Sorex araneus Linnaeus, 1758
Sorex araneus pulcher Zalesky, 1937: 213.
Syntypes.— (all were collected by A.C.V. van Bemmel on the island of Terschelling, The Netherlands)
♂, skin, part of skull, Noordvaarder, 8.vi.1937, # 101/37, ZMA 5262.
♀, skin, skull, Noordvaarder, 18.vi.1937, # 102/37, ZMA 5124.
♀, skin, skull, Noordvaarder, 18.vi.1937, # 103/37, ZMA 5127.
♂, skin, skull, Noordvaarder, 23.vi.1937, # 105/37, ZMA 5128.
♂, skin, skull, Noordvaarder, 22.vi.1937, # 106/37, ZMA 5263.
♀, skin, skull, Noordvaarder, 23.vi.1937, # 107/37, ZMA 5123.
♀, skin, broken and incomplete skull, Noordvaarder, 23.vi.1937, # 108/37, ZMA 5126.
♀, skin, skull, Griltjeplak, Noordvaarder (c. 53°22’N, 05°11’E), Terschelling, The Netherlands, 25.vi.1937, # 112/37, ZMA 5129.
♀, skin, broken and incomplete skull, south of Midsland (53°23’N, 05°17’E), 28.vi.1937, # 118/37, ZMA 5261.
Notes.— For his description Zalesky (1937) used 7 ♀♀ and 4 ♂♂ from the ZMA collection, which he indicated by their field numbers, as the specimens had no proper registration numbers yet. The specimens with field numbers 100/37 and 104/37 cannot be found in the ZMA collection, nor in the Naturhistorisches Museum in Vienna (Dr Anita Gamauf, in lit., 6 December 2010) where Zalesky worked. (Loch’s observation in 1977 that the ZMA would hold only three type specimens of S. a. pulcher is not correct.) Zalesky did not fix a holotype “[...] da man nur nach einer ganzen Serie von Stücken eine Neubeschreibung durchführen kann."
The island of Terschelling is one in a range of islands (the Wadden Islands) lining the north coast of The Netherlands. Of these, Terschelling is the only island inhabited by Sorex araneus Linnaeus, 1758. The close relative Sorex coronatus Millet, 1828 does probably not occur there (Lange, van Winden, Twisk, de Laender & Speer, 1986; Mostert, 1992), but the possibility should be kept in mind. On the basis of the specimens’ labels the type locality, quoted as “Naturschutzgebiet der Nordseeinsel Terschelling, Holland” (Nature conservation area of the North Sea island of Terschelling) can be narrowed down to the Noordvaarder, West-Terschelling. The Noordvaarder is a small national nature reserve partly covering the western part of the island, while Midsland is a village to the east of the reserve. From after World War II until 1996, a part of The Noordvaarder has been used as a practice-ground by the Dutch Air Force. Only one of the specimens, ZMA 5129, represents a more precise locality within The Noordvaarder, i.e. Griltjeplak, while another, ZMA 5261, was collected near Midsland.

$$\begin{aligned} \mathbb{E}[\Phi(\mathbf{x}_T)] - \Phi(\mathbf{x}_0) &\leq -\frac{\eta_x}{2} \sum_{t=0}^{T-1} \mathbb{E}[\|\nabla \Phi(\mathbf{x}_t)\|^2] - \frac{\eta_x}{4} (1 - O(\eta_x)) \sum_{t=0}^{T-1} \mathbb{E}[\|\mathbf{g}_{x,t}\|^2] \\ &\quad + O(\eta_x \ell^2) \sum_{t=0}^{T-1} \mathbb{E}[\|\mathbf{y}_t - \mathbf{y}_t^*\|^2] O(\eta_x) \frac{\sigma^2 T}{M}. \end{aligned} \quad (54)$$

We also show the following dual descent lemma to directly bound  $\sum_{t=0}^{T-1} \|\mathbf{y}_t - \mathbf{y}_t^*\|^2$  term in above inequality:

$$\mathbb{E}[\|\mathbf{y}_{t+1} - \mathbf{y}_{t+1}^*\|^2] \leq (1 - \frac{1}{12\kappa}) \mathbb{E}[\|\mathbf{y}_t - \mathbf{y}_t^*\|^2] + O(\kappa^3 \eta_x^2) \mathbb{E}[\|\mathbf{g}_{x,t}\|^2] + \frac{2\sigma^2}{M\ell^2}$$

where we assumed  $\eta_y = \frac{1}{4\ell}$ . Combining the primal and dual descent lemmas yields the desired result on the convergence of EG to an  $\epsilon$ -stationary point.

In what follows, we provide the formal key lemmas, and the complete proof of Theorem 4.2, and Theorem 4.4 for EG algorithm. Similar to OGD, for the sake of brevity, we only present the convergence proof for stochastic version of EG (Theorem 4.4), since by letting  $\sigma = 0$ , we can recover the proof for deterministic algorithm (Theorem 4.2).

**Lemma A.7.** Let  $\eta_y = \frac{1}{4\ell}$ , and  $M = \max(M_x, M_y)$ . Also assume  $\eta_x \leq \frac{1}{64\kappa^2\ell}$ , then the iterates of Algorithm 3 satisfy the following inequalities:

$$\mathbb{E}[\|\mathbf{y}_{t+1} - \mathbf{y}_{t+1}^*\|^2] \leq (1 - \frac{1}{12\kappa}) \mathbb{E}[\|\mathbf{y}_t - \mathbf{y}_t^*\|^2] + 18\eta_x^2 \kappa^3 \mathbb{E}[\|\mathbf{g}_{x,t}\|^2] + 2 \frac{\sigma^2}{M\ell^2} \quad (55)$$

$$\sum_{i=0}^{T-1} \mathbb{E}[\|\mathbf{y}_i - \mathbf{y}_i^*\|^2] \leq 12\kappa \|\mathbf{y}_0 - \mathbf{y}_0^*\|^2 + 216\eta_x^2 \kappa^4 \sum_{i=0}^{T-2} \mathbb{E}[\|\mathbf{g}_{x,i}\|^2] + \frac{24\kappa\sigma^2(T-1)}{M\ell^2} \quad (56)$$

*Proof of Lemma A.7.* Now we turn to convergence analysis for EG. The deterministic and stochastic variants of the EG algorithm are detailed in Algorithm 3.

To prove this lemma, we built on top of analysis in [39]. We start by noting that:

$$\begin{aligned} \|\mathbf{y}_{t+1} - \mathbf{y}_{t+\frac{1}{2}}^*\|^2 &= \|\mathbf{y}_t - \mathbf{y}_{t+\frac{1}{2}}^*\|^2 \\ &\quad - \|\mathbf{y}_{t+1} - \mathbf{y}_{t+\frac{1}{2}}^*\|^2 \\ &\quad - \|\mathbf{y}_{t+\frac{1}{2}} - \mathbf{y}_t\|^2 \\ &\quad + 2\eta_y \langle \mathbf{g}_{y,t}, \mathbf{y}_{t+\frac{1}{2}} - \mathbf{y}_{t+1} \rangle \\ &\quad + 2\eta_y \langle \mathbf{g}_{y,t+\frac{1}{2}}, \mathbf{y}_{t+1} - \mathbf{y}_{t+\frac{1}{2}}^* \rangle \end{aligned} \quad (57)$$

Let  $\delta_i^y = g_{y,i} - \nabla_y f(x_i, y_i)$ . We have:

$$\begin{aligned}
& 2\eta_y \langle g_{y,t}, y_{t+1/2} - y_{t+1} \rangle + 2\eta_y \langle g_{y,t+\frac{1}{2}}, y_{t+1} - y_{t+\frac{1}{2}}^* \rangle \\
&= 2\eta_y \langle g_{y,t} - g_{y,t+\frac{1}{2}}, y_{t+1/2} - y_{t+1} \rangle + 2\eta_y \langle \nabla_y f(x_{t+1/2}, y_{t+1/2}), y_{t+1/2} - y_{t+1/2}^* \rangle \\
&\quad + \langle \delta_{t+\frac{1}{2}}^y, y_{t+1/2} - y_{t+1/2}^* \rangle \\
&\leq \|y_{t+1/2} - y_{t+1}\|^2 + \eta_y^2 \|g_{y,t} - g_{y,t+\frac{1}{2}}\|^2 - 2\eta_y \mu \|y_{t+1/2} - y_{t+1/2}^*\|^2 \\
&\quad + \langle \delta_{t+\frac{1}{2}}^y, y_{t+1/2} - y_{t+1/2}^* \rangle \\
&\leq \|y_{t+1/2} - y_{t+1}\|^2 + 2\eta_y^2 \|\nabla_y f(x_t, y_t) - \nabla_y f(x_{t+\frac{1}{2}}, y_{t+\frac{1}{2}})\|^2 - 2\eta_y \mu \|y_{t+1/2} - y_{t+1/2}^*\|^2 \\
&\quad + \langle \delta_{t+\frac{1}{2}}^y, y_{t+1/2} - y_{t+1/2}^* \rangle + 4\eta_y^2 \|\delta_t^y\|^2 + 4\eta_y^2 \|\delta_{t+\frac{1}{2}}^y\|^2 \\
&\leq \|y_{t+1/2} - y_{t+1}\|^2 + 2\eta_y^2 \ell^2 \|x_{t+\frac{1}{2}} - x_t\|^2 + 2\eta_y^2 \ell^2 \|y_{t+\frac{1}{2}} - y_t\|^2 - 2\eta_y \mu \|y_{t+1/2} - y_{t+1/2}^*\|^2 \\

This latter locality was not noted by Zalesky. According to their labels, the collector of the syntype series would not be A.C.V. van Bemmel, as Zalesky (1937) wrote, but the State Forestry Service (Dutch: Staatsbosbeheer). However, the collectors produced a report based on zoological inventories of the Wadden Islands (Ter Pelkwijk, van Bemmel & Mörzer Bruyns, 1937), during which this series was collected. The report states that A.C.V. van Bemmel and M.F. Mörzer Bruyns made an inventory of the fauna of Terschelling. At the time, Van Bemmel was a student assisting the ZMA mammal department. Hence, Zalesky’s statement on the collector of this series can be accepted as correct.
Zalesky (1937) based his description on fur colours, fur colour pattern, and tooth pigmentation. In 1948 he published a revision of Sorex araneus in North and Central Europe in which he repeats his description of S. a. pulcher and elaborates on the fur, with emphasis on differences between summer and winter fur. Husson (1962) wrote that the status of S. a. pulcher is in need of confirmation on the basis of more extensive material than the type series. Van Laar (1964) critically examined Zalesky’s results and studied Sorex from Terschelling in the collections of the ZMA and the Rijksmuseum van Natuurlijke Historie in Leiden, and collected new material on Terschelling. His preliminary conclusions were that S. a. pulcher may not differ significantly from the mainland form in body and skull measurements and in winter fur, but it may differ in summer fur. He recommended this as a subject for further research.
Other authors have touched on the subject but did not tackle this problem. Loch (1977), who examined many specimens of Sorex araneus from The Netherlands, saw three of the syntypes and concluded that in two the characters agreed with those of karyotype B - one of the karyotypes encountered on the mainland - while in the third he found the characters to be less clear. Hausser, Hutterer & Vogel (1990) refrained from recognizing subspecies within Sorex araneus and stated that a satisfying division of S. araneus into subspecies should rest on geomorphological variation, the distribution of karyotypes, and biochemical criteria, suggesting that available data were not sufficient. Mostert (1992) identified all Sorex from Terschelling as S. araneus.